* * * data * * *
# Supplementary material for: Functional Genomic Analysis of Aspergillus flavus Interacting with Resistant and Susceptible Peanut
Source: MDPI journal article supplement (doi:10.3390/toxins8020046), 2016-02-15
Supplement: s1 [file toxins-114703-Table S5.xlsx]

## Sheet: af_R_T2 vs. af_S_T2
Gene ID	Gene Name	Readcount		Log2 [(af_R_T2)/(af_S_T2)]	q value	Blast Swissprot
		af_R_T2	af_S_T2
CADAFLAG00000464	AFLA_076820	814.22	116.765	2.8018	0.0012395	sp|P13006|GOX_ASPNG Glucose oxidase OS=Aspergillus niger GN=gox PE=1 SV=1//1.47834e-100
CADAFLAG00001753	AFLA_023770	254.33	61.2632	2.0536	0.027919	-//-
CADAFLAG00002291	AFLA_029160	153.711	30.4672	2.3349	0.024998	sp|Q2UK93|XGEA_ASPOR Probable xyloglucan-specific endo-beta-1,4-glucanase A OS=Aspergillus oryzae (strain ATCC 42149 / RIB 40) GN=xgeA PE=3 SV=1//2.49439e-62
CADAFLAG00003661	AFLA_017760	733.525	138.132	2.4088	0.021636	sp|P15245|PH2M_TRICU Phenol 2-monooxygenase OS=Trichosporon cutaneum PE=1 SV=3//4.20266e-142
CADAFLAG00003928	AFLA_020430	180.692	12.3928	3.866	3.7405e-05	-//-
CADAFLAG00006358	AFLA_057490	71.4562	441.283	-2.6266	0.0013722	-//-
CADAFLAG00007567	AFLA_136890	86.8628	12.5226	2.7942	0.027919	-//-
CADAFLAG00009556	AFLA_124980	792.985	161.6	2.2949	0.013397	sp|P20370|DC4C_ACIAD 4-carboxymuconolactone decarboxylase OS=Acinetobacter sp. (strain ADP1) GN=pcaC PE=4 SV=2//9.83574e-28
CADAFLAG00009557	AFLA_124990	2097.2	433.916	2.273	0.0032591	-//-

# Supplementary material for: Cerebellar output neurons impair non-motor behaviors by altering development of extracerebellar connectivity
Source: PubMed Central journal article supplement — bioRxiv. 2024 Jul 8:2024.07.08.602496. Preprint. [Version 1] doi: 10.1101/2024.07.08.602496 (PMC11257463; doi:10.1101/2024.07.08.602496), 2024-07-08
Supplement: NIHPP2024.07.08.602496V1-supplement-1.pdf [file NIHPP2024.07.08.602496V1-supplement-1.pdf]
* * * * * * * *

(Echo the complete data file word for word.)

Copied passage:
# Supplementary material for: Functional Genomic Analysis of Aspergillus flavus Interacting with Resistant and Susceptible Peanut
Source: MDPI journal article supplement (doi:10.3390/toxins8020046), 2016-02-15
Supplement: s1 [file toxins-114703-Table S5.xlsx]

## Sheet: af_R_T2 vs. af_S_T2
Gene ID	Gene Name	Readcount		Log2 [(af_R_T2)/(af_S_T2)]	q value	Blast Swissprot
		af_R_T2	af_S_T2
CADAFLAG00000464	AFLA_076820	814.22	116.765	2.8018	0.0012395	sp|P13006|GOX_ASPNG Glucose oxidase OS=Aspergillus niger GN=gox PE=1 SV=1//1.47834e-100
CADAFLAG00001753	AFLA_023770	254.33	61.2632	2.0536	0.027919	-//-
CADAFLAG00002291	AFLA_029160	153.711	30.4672	2.3349	0.024998	sp|Q2UK93|XGEA_ASPOR Probable xyloglucan-specific endo-beta-1,4-glucanase A OS=Aspergillus oryzae (strain ATCC 42149 / RIB 40) GN=xgeA PE=3 SV=1//2.49439e-62
CADAFLAG00003661	AFLA_017760	733.525	138.132	2.4088	0.021636	sp|P15245|PH2M_TRICU Phenol 2-monooxygenase OS=Trichosporon cutaneum PE=1 SV=3//4.20266e-142
CADAFLAG00003928	AFLA_020430	180.692	12.3928	3.866	3.7405e-05	-//-
CADAFLAG00006358	AFLA_057490	71.4562	441.283	-2.6266	0.0013722	-//-
CADAFLAG00007567	AFLA_136890	86.8628	12.5226	2.7942	0.027919	-//-
CADAFLAG00009556	AFLA_124980	792.985	161.6	2.2949	0.013397	sp|P20370|DC4C_ACIAD 4-carboxymuconolactone decarboxylase OS=Acinetobacter sp. (strain ADP1) GN=pcaC PE=4 SV=2//9.83574e-28
CADAFLAG00009557	AFLA_124990	2097.2	433.916	2.273	0.0032591	-//-

# Supplementary material for: Cerebellar output neurons impair non-motor behaviors by altering development of extracerebellar connectivity
Source: PubMed Central journal article supplement — bioRxiv. 2024 Jul 8:2024.07.08.602496. Preprint. [Version 1] doi: 10.1101/2024.07.08.602496 (PMC11257463; doi:10.1101/2024.07.08.602496), 2024-07-08
Supplement: NIHPP2024.07.08.602496V1-supplement-1.pdf [file NIHPP2024.07.08.602496V1-supplement-1.pdf]